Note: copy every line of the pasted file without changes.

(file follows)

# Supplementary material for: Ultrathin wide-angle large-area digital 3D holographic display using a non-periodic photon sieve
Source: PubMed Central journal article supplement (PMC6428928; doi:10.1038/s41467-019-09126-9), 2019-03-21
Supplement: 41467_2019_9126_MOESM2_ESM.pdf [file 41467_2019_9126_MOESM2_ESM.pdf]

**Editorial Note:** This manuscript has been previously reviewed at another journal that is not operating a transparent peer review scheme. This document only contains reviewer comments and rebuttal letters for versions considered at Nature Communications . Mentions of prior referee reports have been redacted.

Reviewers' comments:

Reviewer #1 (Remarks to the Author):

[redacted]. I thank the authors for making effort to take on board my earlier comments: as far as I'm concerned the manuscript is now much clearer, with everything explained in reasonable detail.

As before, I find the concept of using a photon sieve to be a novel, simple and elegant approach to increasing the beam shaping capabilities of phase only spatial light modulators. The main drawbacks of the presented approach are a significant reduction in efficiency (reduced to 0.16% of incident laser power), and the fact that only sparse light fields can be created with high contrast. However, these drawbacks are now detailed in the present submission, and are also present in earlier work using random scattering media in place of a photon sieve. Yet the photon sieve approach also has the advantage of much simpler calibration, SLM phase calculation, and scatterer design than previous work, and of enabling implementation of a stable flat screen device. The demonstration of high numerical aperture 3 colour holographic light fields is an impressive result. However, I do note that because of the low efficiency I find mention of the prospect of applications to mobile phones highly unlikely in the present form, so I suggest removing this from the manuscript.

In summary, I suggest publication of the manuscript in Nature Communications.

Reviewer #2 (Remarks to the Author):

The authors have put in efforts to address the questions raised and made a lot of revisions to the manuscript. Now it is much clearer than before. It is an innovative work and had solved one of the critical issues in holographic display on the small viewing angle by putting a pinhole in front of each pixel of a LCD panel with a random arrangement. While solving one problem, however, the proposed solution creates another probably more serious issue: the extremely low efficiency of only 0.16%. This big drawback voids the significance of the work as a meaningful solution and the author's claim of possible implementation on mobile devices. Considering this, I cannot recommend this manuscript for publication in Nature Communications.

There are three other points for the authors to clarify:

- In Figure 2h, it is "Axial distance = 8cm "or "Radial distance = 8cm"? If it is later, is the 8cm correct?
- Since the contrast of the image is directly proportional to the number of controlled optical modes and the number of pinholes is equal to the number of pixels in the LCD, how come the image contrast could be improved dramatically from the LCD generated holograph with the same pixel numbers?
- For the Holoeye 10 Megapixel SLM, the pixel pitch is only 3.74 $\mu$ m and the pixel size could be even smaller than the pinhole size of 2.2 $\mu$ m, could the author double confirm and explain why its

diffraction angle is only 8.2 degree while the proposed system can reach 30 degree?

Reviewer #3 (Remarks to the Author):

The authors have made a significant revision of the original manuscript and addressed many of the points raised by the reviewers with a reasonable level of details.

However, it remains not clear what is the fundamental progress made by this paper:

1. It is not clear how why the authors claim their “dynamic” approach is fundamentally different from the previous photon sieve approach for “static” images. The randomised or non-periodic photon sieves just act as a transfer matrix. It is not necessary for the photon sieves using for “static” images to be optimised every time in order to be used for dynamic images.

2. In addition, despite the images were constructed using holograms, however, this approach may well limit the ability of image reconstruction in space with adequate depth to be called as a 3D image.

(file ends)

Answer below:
# Supplementary material for: Ultrathin wide-angle large-area digital 3D holographic display using a non-periodic photon sieve
Source: PubMed Central journal article supplement (PMC6428928; doi:10.1038/s41467-019-09126-9), 2019-03-21
Supplement: 41467_2019_9126_MOESM2_ESM.pdf [file 41467_2019_9126_MOESM2_ESM.pdf]

**Editorial Note:** This manuscript has been previously reviewed at another journal that is not operating a transparent peer review scheme. This document only contains reviewer comments and rebuttal letters for versions considered at Nature Communications . Mentions of prior referee reports have been redacted.

Reviewers' comments:

Reviewer #1 (Remarks to the Author):

[redacted]. I thank the authors for making effort to take on board my earlier comments: as far as I'm concerned the manuscript is now much clearer, with everything explained in reasonable detail.

As before, I find the concept of using a photon sieve to be a novel, simple and elegant approach to increasing the beam shaping capabilities of phase only spatial light modulators. The main drawbacks of the presented approach are a significant reduction in efficiency (reduced to 0.16% of incident laser power), and the fact that only sparse light fields can be created with high contrast. However, these drawbacks are now detailed in the present submission, and are also present in earlier work using random scattering media in place of a photon sieve. Yet the photon sieve approach also has the advantage of much simpler calibration, SLM phase calculation, and scatterer design than previous work, and of enabling implementation of a stable flat screen device. The demonstration of high numerical aperture 3 colour holographic light fields is an impressive result. However, I do note that because of the low efficiency I find mention of the prospect of applications to mobile phones highly unlikely in the present form, so I suggest removing this from the manuscript.

In summary, I suggest publication of the manuscript in Nature Communications.

Reviewer #2 (Remarks to the Author):

The authors have put in efforts to address the questions raised and made a lot of revisions to the manuscript. Now it is much clearer than before. It is an innovative work and had solved one of the critical issues in holographic display on the small viewing angle by putting a pinhole in front of each pixel of a LCD panel with a random arrangement. While solving one problem, however, the proposed solution creates another probably more serious issue: the extremely low efficiency of only 0.16%. This big drawback voids the significance of the work as a meaningful solution and the author's claim of possible implementation on mobile devices. Considering this, I cannot recommend this manuscript for publication in Nature Communications.

There are three other points for the authors to clarify:

- In Figure 2h, it is "Axial distance = 8cm "or "Radial distance = 8cm"? If it is later, is the 8cm correct?
- Since the contrast of the image is directly proportional to the number of controlled optical modes and the number of pinholes is equal to the number of pixels in the LCD, how come the image contrast could be improved dramatically from the LCD generated holograph with the same pixel numbers?
- For the Holoeye 10 Megapixel SLM, the pixel pitch is only 3.74 $\mu$ m and the pixel size could be even smaller than the pinhole size of 2.2 $\mu$ m, could the author double confirm and explain why its

diffraction angle is only 8.2 degree while the proposed system can reach 30 degree?

Reviewer #3 (Remarks to the Author):

The authors have made a significant revision of the original manuscript and addressed many of the points raised by the reviewers with a reasonable level of details.

However, it remains not clear what is the fundamental progress made by this paper:

1. It is not clear how why the authors claim their “dynamic” approach is fundamentally different from the previous photon sieve approach for “static” images. The randomised or non-periodic photon sieves just act as a transfer matrix. It is not necessary for the photon sieves using for “static” images to be optimised every time in order to be used for dynamic images.

2. In addition, despite the images were constructed using holograms, however, this approach may well limit the ability of image reconstruction in space with adequate depth to be called as a 3D image.